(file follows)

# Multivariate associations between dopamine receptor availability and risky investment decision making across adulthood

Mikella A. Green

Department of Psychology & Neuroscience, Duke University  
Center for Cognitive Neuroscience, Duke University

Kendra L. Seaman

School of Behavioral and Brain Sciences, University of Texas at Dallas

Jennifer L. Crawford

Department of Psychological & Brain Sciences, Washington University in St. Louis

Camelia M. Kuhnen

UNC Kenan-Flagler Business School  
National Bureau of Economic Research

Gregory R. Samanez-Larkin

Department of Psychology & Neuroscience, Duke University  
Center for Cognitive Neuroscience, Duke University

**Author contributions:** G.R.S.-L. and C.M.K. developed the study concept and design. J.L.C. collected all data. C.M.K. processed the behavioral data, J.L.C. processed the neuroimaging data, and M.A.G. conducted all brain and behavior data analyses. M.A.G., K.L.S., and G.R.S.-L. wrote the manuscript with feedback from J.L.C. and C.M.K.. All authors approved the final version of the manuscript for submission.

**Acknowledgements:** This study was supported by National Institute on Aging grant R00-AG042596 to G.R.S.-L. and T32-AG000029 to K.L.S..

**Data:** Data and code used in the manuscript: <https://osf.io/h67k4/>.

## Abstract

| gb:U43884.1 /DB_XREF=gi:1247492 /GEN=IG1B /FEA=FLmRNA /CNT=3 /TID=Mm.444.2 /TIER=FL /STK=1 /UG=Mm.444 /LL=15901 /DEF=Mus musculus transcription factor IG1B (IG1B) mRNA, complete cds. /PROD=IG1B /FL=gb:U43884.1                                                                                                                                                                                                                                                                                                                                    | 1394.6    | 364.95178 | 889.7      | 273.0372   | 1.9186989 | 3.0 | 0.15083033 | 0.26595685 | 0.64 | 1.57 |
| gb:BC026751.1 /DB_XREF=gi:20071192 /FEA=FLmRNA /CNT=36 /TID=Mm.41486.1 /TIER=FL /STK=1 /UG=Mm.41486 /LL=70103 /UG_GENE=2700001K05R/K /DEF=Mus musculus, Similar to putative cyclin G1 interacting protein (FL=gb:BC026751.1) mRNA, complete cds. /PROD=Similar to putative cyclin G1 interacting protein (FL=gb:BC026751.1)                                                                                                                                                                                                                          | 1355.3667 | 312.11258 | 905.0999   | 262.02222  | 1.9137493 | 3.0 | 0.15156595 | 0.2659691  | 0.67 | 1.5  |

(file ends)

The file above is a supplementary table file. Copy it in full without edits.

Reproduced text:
# Multivariate associations between dopamine receptor availability and risky investment decision making across adulthood

Mikella A. Green

Department of Psychology & Neuroscience, Duke University  
Center for Cognitive Neuroscience, Duke University

Kendra L. Seaman

School of Behavioral and Brain Sciences, University of Texas at Dallas

Jennifer L. Crawford

Department of Psychological & Brain Sciences, Washington University in St. Louis

Camelia M. Kuhnen

UNC Kenan-Flagler Business School  
National Bureau of Economic Research

Gregory R. Samanez-Larkin

Department of Psychology & Neuroscience, Duke University  
Center for Cognitive Neuroscience, Duke University

**Author contributions:** G.R.S.-L. and C.M.K. developed the study concept and design. J.L.C. collected all data. C.M.K. processed the behavioral data, J.L.C. processed the neuroimaging data, and M.A.G. conducted all brain and behavior data analyses. M.A.G., K.L.S., and G.R.S.-L. wrote the manuscript with feedback from J.L.C. and C.M.K.. All authors approved the final version of the manuscript for submission.

**Acknowledgements:** This study was supported by National Institute on Aging grant R00-AG042596 to G.R.S.-L. and T32-AG000029 to K.L.S..

**Data:** Data and code used in the manuscript: <https://osf.io/h67k4/>.

## Abstract

| gb:U43884.1 /DB_XREF=gi:1247492 /GEN=IG1B /FEA=FLmRNA /CNT=3 /TID=Mm.444.2 /TIER=FL /STK=1 /UG=Mm.444 /LL=15901 /DEF=Mus musculus transcription factor IG1B (IG1B) mRNA, complete cds. /PROD=IG1B /FL=gb:U43884.1                                                                                                                                                                                                                                                                                                                                    | 1394.6    | 364.95178 | 889.7      | 273.0372   | 1.9186989 | 3.0 | 0.15083033 | 0.26595685 | 0.64 | 1.57 |
| gb:BC026751.1 /DB_XREF=gi:20071192 /FEA=FLmRNA /CNT=36 /TID=Mm.41486.1 /TIER=FL /STK=1 /UG=Mm.41486 /LL=70103 /UG_GENE=2700001K05R/K /DEF=Mus musculus, Similar to putative cyclin G1 interacting protein (FL=gb:BC026751.1) mRNA, complete cds. /PROD=Similar to putative cyclin G1 interacting protein (FL=gb:BC026751.1)                                                                                                                                                                                                                          | 1355.3667 | 312.11258 | 905.0999   | 262.02222  | 1.9137493 | 3.0 | 0.15156595 | 0.2659691  | 0.67 | 1.5  |